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Tuesday, May 19th, 2020

A Peace Not Given by the World: on the Ascension Rogation Days

Liturgically speaking, the three days leading up to Ascension Thursday are designated as Rogation Days. For many Catholics, this practice will be unfamiliar. The truth of the matter is, however, that even the reformed liturgical books of 1970 envisioned the continuation of the practice, though the dates were to be established by the episcopal conferences.[1] The origin of the practice outside of Rome dates from sometime around the fifth century, though Rogation Days were not introduced into Roman practice until about the ninth century. Since these times, however, the practice has been observed with varying degrees of fervor, sometimes waxing strong and sometimes waning; our time is no different. Unfortunate that they have been neglected, indeed—though Catholics who observe the traditional liturgical books of 1962 are able, here and there, to witness a quiet but real recovery.

A visit to a basic Latin dictionary tells us just about all we need to know about the purpose of Rogation Days. The Latin verb rogare means to ask. Thus, our Rogation Days are times to ask.

The Litany of the Saints, with the traditional prayers that follow it, forms part of the prayers for a Rogation Day procession. (Priests obliged to recite the Divine Office are, on certain Rogation Days, also obliged to say the Litany with its prayers, even if they do not participate in a procession.) One of the concluding prayers of the Litany reads thus:

O God, from whom are all holy desires, all upright counsels, and all just works: give to your servants that peace which the world cannot give; so that, with our hearts given over to your commands and raised up from the dread of our enemies, our times, under your protection, might be made tranquil.[2]

That is a prayer for our times; in fact, for all times.—The Church is the infallible interpreter of the human condition. If we have forgotten that we are beset by enemies and dangers, recent times have reminded us. If we have forgotten the real source of all good, recent times have reminded us. If we have forgotten our true posture before the good and just God, recent times have reminded us.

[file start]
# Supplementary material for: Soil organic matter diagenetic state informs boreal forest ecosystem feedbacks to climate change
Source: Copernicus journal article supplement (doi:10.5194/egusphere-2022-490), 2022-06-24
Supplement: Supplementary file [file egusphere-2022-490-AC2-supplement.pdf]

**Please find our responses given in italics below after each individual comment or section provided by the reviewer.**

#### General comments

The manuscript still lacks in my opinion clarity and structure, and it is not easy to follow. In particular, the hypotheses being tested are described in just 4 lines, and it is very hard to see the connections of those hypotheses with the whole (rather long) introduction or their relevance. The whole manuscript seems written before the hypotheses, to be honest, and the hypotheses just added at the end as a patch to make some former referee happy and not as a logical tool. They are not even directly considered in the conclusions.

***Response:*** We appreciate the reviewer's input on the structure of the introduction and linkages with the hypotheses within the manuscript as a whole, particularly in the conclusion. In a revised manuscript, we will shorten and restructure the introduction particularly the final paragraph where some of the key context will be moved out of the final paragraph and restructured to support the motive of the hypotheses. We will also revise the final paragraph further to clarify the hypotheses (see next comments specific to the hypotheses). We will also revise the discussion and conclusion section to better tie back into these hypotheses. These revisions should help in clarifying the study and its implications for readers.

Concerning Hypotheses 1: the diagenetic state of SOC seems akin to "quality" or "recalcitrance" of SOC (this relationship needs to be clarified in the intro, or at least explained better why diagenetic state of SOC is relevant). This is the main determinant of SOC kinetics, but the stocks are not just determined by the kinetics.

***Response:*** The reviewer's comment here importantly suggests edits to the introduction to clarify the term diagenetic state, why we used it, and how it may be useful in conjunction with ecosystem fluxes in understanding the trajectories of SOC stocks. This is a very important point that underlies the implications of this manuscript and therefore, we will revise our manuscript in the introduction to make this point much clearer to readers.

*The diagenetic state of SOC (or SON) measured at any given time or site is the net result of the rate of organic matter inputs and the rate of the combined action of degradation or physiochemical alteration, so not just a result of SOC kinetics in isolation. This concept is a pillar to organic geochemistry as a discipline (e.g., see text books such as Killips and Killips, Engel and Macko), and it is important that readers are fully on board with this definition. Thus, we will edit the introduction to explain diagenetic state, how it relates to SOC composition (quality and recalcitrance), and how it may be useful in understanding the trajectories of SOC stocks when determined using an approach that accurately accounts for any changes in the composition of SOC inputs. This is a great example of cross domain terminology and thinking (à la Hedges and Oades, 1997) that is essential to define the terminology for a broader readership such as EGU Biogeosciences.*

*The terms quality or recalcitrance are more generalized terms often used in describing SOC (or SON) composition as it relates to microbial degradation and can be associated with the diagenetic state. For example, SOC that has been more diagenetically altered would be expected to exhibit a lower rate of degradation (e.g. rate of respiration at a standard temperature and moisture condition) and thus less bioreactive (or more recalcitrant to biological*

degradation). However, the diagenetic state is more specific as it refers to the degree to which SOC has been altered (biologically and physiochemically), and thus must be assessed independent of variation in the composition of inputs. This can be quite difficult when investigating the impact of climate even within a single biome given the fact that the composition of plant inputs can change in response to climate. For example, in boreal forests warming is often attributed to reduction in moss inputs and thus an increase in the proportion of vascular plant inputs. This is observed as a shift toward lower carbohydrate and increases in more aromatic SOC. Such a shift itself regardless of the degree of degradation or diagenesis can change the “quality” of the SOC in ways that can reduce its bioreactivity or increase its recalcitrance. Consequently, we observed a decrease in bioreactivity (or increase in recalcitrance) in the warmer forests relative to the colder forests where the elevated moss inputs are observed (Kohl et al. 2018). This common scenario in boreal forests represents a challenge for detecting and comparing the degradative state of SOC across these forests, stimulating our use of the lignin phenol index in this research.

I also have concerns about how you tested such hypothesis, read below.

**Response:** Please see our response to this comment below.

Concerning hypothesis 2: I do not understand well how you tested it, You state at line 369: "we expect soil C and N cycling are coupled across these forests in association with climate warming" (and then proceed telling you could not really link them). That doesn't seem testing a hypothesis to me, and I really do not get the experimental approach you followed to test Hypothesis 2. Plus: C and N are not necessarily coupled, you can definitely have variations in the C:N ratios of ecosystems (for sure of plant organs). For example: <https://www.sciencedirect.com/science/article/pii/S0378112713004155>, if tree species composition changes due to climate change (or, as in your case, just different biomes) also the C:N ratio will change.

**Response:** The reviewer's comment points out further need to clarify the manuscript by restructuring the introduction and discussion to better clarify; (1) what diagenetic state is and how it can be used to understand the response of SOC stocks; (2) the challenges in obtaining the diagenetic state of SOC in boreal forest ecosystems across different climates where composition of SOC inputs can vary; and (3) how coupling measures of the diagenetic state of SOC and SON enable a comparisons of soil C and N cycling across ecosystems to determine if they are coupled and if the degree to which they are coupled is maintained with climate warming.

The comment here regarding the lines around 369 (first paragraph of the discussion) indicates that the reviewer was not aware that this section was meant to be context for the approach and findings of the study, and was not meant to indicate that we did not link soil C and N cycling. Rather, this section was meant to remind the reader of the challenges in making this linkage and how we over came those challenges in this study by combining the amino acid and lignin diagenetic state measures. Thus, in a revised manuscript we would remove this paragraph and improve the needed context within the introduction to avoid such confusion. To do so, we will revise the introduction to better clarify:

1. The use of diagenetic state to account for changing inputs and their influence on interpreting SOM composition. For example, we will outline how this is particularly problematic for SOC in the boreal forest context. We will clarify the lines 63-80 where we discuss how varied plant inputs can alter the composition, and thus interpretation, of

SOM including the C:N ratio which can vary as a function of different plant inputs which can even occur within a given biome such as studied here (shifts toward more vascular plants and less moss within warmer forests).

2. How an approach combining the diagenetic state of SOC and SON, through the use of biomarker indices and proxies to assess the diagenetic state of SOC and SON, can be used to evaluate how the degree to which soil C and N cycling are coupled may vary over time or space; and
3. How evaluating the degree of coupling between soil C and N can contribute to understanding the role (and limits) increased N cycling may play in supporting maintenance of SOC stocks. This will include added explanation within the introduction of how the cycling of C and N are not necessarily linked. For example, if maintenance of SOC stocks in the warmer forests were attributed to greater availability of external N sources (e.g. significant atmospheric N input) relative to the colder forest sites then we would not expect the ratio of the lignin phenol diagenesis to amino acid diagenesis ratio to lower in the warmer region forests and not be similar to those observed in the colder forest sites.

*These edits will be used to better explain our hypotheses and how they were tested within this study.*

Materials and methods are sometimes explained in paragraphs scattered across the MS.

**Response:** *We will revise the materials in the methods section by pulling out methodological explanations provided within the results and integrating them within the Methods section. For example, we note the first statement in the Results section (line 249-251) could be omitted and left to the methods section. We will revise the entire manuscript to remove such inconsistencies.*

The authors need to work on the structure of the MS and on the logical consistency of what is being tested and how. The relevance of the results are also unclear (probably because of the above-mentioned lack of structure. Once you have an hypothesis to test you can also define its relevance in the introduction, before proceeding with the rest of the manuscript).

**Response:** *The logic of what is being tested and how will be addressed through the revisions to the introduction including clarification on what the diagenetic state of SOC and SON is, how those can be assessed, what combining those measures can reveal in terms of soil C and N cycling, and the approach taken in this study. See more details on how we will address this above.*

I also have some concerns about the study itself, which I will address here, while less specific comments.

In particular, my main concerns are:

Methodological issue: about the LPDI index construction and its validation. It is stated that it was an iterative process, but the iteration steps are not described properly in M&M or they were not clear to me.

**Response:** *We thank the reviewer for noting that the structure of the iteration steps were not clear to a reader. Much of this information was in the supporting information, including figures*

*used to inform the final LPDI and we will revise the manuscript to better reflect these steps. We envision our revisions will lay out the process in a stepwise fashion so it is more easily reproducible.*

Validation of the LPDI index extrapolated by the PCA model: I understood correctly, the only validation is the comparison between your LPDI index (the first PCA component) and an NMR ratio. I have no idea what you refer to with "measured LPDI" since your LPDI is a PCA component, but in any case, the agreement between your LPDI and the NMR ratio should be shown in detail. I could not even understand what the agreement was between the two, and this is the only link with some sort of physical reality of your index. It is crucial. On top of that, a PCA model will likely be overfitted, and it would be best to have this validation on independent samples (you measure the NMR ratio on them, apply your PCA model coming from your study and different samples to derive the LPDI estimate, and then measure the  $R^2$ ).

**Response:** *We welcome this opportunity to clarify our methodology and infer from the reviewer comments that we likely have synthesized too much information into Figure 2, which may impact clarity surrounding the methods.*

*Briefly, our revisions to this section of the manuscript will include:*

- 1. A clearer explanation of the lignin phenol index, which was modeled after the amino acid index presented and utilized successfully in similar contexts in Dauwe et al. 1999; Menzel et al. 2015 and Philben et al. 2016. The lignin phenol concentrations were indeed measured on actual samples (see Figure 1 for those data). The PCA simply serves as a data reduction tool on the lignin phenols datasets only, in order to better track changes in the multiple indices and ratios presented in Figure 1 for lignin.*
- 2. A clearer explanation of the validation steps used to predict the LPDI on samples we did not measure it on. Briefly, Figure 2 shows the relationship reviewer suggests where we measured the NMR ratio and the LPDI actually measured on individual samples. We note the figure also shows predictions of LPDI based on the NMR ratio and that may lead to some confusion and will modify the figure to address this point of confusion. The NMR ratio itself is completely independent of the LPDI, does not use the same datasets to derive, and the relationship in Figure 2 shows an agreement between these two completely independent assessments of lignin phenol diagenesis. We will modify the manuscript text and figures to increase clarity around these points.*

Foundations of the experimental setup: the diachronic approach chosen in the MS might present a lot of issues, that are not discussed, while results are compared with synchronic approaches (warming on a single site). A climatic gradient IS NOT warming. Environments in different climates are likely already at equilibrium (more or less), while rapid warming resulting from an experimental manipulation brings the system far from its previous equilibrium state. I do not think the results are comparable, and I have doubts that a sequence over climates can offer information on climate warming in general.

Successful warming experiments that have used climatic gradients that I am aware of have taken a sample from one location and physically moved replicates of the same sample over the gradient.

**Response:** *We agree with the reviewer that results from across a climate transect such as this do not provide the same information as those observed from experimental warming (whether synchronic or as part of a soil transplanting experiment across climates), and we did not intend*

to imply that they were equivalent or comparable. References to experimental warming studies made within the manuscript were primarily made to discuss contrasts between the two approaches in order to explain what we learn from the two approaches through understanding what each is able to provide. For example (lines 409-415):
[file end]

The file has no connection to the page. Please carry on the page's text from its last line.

But Mother Church steps in with her liturgy to remind us that danger is not the only reality. These three Rogation Days precede the great feast of the Ascension of the Lord, and not by accident. Christ rises to the Father, not to abandon us, but to triumph—

If one part is suffering, all the rest suffer with it; if one part is treated with honor, all the rest find pleasure in it. And you are Christ’s body . . . .[3]

Holy desires, upright counsels, and just works—these, not man’s cleverness, make the human family to flourish; but they are gifts from God, gifts un-receivable by persons or cultures that behave as if He did not exist. Our Rogation Days enter the scene as our remedy.

Here, the Church exercises her priestly function in the world. If the world has forgotten its dependence upon God—either on account of fear or narrow self-reliance or whatever reason—Rogation Days find Catholics speaking up for their bewildered neighbors.

Though indeed, Catholics also speak for themselves. They are honest enough to realize that their hearts need to be given over anew to God’s commands. How frequently we neglect the sacred things given to us for our very good! How often we forget ourselves, tantalized by the goods or habits of the world. Thus we ask, for the peace that goes un-given by the world. Courageously, like children, we ask.

How liturgically provident, these Ascension Rogation Days.

 


[1] General Norms for the Liturgical Year and Calendar, 14 February 1969, nn 45-47.

[2] Translation of the author.

[3] 1 Corinthians 12, 26-27; emphasis added.

{Art credit: Zdzisław Piotr Jasiński (1863-1932), Palm Sunday, 1891.}

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